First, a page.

From Gold Mine to Land Mine – The Chinese in Ghana
After the release of more than 160 Chinese nationals who were detained in Ghana for illegal gold mining, What’s on Weibo’s Manya Koetse identifies distorted expectations in Chinese–Ghanaian employment relations as an underlying cause of the violent backlash against Chinese miners in the country. The post includes extended, translated comments from a Chinese resident of Ghana who laments his peers’ “abusive and discriminatory” attitudes, and compares their treatment of local women with Japanese soldiers’ use of ‘comfort women’ during the Second World War.
The vulnerability of both Chinese employers and Ghanian employees is central to the problem. The Chinese are vulnerable because they are in a foreign and possibly hostile environment with a different language and culture, while there is a lot at stake for them in terms of financial investment. They expect honesty, proactivity and dedication from their workers in order for their mutual relation to be successful (Giese&Thiel 2012, 16). In exchange, they pay Ghanaians wages that often exceed the local average (2012, 6). The Ghanaians that work for the Chinese, on the other hand, are vulnerable because they are overall economically marginalized and uneducated young men. They come from a cultural background where one’s employer is also supposed to be one’s guardian and protector. Employment relationships are characterized by the employer taking care of his workers in terms of fees or gifts in order to build on long-term loyalty; the employment relation, in this way, somewhat resembles a family relationship. The Chinese employers do not get what they want from their Ghanaian workers (hard work and loyalty) because they do not give them what they want (symbolic gifts or extra fees) (Giese&Thiel 2012: 6,16). This results in structural dissatisfaction; a derailed relationship where discrimination and violence eventually emerges as the consequence of complete mutual misunderstanding. [Source]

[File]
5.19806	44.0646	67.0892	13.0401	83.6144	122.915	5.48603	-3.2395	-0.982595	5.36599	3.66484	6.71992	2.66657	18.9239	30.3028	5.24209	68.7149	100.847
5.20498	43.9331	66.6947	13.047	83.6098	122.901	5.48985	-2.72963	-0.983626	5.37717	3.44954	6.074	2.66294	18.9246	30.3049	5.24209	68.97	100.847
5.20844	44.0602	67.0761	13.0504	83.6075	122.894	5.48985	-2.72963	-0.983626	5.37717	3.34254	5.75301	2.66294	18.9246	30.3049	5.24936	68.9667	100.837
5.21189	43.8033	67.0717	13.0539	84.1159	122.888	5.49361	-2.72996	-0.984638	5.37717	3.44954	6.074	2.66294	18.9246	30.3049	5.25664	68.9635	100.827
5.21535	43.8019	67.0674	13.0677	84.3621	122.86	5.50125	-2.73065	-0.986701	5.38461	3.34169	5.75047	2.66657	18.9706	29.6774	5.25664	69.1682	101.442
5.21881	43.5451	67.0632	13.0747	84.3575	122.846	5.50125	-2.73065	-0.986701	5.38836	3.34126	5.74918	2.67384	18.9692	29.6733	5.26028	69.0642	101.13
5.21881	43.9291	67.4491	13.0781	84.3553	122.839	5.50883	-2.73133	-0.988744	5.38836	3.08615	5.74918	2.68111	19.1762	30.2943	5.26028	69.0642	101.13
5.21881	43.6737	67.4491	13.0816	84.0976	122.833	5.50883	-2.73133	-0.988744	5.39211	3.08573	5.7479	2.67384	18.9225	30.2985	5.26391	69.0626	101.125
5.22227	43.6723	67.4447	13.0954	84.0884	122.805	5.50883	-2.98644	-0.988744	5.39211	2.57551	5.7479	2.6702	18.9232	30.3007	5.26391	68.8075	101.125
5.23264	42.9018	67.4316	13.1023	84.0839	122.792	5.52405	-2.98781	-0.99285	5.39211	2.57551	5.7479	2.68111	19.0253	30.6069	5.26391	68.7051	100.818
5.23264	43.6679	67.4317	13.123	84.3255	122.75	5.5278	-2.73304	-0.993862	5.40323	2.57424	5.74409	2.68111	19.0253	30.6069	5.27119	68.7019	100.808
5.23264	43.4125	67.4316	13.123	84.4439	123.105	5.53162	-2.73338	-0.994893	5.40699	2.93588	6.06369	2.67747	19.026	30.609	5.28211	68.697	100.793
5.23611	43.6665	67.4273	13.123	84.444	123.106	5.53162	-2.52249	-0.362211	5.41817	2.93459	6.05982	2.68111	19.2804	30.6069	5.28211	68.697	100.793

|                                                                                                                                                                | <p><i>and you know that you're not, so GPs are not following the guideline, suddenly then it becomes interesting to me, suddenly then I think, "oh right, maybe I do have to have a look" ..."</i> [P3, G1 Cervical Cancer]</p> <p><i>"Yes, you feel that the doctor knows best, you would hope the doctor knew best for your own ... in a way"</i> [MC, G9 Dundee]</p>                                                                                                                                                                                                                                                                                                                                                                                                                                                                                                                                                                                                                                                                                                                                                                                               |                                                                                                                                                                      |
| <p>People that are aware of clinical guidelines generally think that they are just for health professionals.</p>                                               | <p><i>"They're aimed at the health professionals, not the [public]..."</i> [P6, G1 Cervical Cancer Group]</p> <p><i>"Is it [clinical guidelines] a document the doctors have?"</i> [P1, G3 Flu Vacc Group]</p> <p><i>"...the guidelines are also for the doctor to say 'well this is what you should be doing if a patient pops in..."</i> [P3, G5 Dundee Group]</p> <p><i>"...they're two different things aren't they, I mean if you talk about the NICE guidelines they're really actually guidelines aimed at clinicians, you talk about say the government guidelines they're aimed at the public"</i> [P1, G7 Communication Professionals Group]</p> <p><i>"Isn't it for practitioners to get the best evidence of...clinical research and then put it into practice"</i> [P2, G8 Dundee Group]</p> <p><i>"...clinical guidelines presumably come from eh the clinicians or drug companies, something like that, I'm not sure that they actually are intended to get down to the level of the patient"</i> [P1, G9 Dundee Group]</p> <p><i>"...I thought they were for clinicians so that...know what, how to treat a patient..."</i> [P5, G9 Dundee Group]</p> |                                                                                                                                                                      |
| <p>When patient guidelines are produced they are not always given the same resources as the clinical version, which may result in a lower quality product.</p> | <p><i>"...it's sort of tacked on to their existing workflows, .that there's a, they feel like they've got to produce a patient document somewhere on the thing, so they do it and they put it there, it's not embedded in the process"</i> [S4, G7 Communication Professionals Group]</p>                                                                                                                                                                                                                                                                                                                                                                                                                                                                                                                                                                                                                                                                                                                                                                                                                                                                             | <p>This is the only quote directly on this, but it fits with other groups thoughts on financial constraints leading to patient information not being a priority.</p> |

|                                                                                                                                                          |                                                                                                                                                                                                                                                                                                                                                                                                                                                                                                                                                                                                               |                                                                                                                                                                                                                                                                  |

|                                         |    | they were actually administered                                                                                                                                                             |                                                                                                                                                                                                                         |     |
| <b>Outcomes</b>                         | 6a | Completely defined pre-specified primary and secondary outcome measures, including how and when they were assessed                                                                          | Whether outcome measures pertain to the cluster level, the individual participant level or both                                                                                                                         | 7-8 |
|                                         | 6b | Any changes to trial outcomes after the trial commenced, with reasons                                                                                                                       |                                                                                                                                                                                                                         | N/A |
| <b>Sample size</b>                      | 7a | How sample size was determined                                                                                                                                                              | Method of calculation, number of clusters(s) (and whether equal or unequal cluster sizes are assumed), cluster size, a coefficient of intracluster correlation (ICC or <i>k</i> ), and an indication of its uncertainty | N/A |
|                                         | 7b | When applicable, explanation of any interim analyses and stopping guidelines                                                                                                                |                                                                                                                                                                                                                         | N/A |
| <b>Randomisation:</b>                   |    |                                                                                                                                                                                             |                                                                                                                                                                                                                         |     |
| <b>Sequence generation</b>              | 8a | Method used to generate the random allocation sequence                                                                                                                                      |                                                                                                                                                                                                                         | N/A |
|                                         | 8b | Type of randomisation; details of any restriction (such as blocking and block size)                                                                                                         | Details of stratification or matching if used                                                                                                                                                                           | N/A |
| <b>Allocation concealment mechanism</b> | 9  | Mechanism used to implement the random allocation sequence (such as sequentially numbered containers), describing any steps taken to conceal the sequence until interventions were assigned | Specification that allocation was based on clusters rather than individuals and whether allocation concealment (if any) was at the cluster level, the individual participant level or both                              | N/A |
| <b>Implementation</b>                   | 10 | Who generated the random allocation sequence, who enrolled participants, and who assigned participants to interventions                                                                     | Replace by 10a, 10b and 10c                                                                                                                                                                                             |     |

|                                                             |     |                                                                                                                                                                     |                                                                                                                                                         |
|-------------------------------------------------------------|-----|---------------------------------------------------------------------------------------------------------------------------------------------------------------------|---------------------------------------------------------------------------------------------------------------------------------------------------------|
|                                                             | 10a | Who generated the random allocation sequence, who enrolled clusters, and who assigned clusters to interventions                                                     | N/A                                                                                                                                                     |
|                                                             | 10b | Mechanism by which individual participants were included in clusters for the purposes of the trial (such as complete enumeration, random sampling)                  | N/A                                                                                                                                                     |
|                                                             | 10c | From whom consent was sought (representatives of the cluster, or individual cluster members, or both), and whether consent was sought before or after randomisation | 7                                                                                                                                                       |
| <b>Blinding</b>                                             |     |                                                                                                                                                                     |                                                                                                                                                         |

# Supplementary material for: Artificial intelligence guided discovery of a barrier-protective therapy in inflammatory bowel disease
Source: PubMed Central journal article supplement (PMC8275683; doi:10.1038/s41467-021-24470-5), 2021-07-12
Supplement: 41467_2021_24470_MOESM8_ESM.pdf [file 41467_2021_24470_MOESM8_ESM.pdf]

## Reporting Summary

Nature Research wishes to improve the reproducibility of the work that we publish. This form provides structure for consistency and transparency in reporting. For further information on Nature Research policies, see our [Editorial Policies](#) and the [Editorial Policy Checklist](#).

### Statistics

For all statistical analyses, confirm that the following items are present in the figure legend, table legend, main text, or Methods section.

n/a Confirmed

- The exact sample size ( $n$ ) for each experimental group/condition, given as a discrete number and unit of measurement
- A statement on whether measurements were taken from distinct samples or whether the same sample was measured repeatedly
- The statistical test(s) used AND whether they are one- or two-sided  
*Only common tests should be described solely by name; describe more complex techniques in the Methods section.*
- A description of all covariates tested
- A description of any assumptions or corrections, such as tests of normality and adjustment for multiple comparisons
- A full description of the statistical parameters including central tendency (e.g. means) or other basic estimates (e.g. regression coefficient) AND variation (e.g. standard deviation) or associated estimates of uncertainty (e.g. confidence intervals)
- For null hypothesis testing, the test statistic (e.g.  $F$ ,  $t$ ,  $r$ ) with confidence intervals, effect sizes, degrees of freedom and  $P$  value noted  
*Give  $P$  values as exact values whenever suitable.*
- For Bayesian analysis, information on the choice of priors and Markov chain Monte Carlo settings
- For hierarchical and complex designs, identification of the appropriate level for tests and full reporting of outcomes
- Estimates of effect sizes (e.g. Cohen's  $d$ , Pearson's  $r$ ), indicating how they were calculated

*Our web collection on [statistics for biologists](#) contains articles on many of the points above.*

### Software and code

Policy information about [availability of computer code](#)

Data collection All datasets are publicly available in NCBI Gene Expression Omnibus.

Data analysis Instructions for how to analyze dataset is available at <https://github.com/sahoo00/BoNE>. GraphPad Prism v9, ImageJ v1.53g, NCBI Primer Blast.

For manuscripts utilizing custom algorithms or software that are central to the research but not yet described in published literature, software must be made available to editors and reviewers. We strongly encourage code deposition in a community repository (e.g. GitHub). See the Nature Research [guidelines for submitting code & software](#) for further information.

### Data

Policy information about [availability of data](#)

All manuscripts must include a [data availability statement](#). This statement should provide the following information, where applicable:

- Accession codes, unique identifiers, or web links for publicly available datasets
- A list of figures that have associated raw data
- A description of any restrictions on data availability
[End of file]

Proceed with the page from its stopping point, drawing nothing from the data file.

See also Edward Bishop’s video China in Africa, which presents a range of perspectives on China’s changing role: